After its very successful season this year, the Chicago Cubs immediately raised ticket prices and purged its season ticket holder lists, sending out letters...

After its very successful season this year, the Chicago Cubs immediately raised ticket prices and purged its season ticket holder lists, sending out letters to fans refusing to renew their accounts. Secondary ticketing blogs and bulletin boards immediately lit up with complaints from ticket brokers wondering how and why they were targeted for the purge. Surprisingly one of the dominant conspiracy theories advanced by the bloggers involves the partnership between Major League Baseball (MLB) and StubHub. Ticket brokers are theorizing that the Cubs were identifying them through their use of StubHub and using that information to terminate their accounts. According to a well-placed source at StubHub, the ticket brokers are correct. At the Cubs request, all information on the tickets listed for sale is given to the Cubs, including information such as the names and other personal details of the sellers.

In 2007 professional baseball entered into a revenue-sharing agreement with StubHub, a leading secondary ticketing marketplace. Under the five-year agreement, all 30 teams Web sites as well as MLB.com directed fans who wanted to sell tickets or buy them from other fans to Stubhub.com. The MLB was able to corner the ticketing market with this deal. They make money from the initial ticket sales, and then receive a piece of the action (50 percent) once a fan resells their unused tickets through StubHub. The deal is quite lucrative for the MLB and its teams, which by 2011 was receiving nearly $60 million per year from StubHub.

So why would the Cubs jeopardize the MLB’s relationship with ticket brokers?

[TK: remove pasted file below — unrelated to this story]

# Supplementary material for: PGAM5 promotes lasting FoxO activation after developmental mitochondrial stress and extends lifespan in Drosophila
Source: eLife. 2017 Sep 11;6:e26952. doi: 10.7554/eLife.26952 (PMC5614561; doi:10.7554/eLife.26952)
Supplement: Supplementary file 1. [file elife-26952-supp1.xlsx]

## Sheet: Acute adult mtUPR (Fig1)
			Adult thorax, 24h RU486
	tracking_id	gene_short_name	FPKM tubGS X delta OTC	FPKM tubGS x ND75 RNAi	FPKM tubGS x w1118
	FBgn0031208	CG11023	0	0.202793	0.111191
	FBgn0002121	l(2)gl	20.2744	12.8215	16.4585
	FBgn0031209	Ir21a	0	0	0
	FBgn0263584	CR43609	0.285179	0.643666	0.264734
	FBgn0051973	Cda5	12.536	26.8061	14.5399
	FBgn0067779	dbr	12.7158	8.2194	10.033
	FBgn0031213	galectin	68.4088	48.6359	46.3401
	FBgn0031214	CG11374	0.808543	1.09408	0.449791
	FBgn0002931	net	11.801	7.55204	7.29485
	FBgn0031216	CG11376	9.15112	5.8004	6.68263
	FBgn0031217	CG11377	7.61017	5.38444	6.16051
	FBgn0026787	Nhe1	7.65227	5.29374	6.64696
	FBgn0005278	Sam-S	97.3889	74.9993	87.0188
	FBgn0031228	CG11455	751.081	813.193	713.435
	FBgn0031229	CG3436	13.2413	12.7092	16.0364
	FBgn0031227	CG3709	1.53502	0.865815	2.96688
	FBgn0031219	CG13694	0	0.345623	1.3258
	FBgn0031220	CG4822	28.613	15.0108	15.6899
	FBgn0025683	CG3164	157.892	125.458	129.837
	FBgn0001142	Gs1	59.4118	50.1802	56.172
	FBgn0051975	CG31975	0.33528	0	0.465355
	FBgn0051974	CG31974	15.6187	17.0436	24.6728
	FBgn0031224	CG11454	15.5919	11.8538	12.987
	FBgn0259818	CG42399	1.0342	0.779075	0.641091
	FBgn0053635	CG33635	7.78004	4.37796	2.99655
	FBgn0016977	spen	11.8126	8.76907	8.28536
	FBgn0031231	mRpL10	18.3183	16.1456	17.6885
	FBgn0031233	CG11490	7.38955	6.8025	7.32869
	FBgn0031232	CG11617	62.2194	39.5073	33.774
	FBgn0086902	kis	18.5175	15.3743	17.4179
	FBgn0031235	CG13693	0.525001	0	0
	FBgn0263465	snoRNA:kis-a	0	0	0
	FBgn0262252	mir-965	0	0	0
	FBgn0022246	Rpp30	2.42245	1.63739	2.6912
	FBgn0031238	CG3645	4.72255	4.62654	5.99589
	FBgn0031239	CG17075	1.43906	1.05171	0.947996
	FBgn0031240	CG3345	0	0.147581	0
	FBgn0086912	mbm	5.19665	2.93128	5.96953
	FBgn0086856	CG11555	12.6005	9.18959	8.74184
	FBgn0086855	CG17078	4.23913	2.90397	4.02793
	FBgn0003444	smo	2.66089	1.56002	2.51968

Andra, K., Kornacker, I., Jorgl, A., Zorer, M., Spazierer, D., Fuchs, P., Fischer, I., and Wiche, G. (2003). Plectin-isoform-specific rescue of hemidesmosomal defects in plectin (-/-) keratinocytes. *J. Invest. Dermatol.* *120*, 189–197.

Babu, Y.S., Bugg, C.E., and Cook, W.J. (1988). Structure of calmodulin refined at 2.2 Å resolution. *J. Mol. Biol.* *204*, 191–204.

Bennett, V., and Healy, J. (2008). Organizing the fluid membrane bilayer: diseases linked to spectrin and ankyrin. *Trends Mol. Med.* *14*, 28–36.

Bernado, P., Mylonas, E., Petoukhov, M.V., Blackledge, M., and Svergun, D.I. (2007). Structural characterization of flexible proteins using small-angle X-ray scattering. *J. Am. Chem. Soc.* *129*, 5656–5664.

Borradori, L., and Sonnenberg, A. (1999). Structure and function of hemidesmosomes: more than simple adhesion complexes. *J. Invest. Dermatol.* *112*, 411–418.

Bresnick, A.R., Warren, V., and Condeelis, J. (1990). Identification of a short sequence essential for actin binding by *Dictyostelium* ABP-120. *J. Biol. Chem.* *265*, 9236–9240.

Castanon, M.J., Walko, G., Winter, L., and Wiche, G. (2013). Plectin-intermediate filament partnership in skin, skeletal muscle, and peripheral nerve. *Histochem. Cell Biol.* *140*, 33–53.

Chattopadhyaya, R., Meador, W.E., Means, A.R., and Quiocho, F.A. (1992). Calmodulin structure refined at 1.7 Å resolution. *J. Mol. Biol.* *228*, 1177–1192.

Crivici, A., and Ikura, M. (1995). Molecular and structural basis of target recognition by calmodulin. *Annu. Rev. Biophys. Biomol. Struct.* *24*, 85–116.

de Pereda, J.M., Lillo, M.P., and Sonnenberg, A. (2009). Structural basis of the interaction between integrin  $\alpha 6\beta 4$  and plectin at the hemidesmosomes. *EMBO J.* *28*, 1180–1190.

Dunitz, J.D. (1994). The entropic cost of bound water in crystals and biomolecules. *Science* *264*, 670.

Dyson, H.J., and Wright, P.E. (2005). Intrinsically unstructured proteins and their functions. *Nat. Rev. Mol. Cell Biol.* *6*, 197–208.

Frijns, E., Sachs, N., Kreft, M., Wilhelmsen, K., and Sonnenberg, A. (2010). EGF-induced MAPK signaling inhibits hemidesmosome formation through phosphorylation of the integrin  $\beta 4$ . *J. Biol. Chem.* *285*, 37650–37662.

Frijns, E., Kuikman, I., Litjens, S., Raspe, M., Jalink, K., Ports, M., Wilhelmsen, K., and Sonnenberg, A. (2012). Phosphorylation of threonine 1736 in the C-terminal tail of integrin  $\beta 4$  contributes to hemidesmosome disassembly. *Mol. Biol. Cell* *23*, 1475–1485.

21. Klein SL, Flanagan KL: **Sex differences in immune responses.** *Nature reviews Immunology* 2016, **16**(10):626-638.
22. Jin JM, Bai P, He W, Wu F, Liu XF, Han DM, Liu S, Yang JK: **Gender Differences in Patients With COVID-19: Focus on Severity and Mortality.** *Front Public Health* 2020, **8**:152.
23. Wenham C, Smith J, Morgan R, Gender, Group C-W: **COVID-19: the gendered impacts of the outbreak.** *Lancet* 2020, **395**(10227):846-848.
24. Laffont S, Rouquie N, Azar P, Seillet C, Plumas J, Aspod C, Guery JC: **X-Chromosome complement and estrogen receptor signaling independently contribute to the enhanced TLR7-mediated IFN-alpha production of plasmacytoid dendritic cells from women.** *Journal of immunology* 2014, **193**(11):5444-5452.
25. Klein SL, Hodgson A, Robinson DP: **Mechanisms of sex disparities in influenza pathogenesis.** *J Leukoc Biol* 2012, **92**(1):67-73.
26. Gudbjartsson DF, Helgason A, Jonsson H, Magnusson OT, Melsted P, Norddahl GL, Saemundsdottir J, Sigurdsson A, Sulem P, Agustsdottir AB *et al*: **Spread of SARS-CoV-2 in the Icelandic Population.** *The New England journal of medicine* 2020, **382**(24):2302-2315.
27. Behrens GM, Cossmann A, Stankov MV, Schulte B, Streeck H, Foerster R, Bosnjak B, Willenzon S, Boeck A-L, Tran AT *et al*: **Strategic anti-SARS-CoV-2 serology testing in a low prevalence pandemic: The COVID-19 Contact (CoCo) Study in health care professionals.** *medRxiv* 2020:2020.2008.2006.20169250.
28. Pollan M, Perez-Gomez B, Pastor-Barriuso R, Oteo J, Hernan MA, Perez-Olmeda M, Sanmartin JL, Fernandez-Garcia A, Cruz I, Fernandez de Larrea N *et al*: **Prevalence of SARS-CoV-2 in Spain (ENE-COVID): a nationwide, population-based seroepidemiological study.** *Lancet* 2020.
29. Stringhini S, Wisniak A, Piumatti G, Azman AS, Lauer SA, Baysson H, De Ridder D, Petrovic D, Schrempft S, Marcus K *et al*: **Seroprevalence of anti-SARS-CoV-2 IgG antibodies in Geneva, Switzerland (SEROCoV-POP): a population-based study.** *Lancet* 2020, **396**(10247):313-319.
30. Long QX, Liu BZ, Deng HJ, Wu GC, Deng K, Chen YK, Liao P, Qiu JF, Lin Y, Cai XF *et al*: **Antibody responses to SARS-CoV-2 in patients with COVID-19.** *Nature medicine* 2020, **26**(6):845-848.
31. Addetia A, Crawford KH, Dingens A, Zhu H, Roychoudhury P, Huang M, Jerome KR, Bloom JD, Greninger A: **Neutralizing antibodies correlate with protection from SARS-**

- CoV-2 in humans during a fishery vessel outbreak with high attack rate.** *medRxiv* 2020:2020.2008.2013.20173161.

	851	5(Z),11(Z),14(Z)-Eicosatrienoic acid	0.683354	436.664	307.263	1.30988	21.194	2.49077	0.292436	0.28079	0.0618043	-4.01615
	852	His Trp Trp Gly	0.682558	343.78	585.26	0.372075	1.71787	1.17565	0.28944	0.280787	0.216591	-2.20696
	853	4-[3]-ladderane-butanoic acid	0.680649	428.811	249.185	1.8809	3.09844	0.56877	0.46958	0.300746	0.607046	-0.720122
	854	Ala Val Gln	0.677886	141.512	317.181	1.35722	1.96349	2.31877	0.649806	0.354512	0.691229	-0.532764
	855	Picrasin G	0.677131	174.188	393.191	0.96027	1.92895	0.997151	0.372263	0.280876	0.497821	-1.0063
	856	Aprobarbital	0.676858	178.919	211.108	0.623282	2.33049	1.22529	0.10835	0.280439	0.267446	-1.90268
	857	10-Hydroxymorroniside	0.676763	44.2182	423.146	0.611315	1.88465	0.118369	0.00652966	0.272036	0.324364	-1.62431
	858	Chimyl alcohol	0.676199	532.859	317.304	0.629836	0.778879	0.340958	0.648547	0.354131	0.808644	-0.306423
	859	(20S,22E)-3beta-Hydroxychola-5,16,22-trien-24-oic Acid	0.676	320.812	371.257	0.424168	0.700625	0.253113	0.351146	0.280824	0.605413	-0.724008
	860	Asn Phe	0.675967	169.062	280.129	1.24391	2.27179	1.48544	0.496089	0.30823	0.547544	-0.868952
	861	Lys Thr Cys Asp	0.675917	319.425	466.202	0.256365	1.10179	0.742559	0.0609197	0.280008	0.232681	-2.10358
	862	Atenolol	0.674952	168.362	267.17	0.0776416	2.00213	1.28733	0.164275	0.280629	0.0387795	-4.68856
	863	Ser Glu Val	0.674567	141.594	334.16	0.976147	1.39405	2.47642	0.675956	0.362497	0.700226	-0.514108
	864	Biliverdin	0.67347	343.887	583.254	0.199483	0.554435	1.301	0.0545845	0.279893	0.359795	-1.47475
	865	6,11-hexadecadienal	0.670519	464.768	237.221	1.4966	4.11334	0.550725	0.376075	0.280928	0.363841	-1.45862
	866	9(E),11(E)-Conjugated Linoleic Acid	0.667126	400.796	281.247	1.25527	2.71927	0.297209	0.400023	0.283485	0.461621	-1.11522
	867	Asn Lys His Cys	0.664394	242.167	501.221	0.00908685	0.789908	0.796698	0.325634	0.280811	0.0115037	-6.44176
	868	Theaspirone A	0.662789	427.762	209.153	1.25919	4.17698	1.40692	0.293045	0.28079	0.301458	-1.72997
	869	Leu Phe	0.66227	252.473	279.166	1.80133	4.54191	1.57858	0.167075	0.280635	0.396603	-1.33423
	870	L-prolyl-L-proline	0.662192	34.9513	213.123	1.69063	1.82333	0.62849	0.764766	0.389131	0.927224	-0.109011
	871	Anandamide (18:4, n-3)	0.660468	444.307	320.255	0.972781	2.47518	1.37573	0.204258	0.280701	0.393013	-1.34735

Perhaps it has something to do with the Cubs 2013 offseason clash with StubHub. When the MLB and StubHub renewed their deal in 2012, the Cubs opted out of the deal, claiming that the relationship harmed their brand, and made fans less likely to buy tickets from the team. They questioned why a fan would buy a ticket for $75 in January for a June game when you can wait until June, and possibly end up paying just $1 on StubHub? The team and StubHub eventually resolved the issue with an agreement setting a floor for ticket prices as well as forcing StubHub to end ticket sales six hours prior to game time, when a surplus of tickets and lack of buyers forced prices to take a steep fall.

The Cubs really never wanted to do business with StubHub and ticket brokers, preferring instead to keep their ticket prices artificially hiked to “protect the brand”. The team’s ticket prices are the third highest in the league, despite their perpetually “cursed” seasons, and apparently they plan to keep it that way. As one ticket broker recently wrote on a blog, “the team is cancelling ticket broker accounts in an attempt to create artificial price floors on the marketplace. Most people think they are canceling our accounts because of price gouging, but in reality they are doing so to keep the prices of their crap games at ‘face value’ or higher, rather than pennies on the dollar on the marketplace.”

The Cubs did not respond to our requests for comment.

Baseball may be considered America’s pastime, but when it comes to the Cubs, ticket brokers and fans may feel that the American free market does not exist.

Next: Who are the ticket brokers being targeted for cancellations?

Darnell Goldson: [email protected], 860-993-3906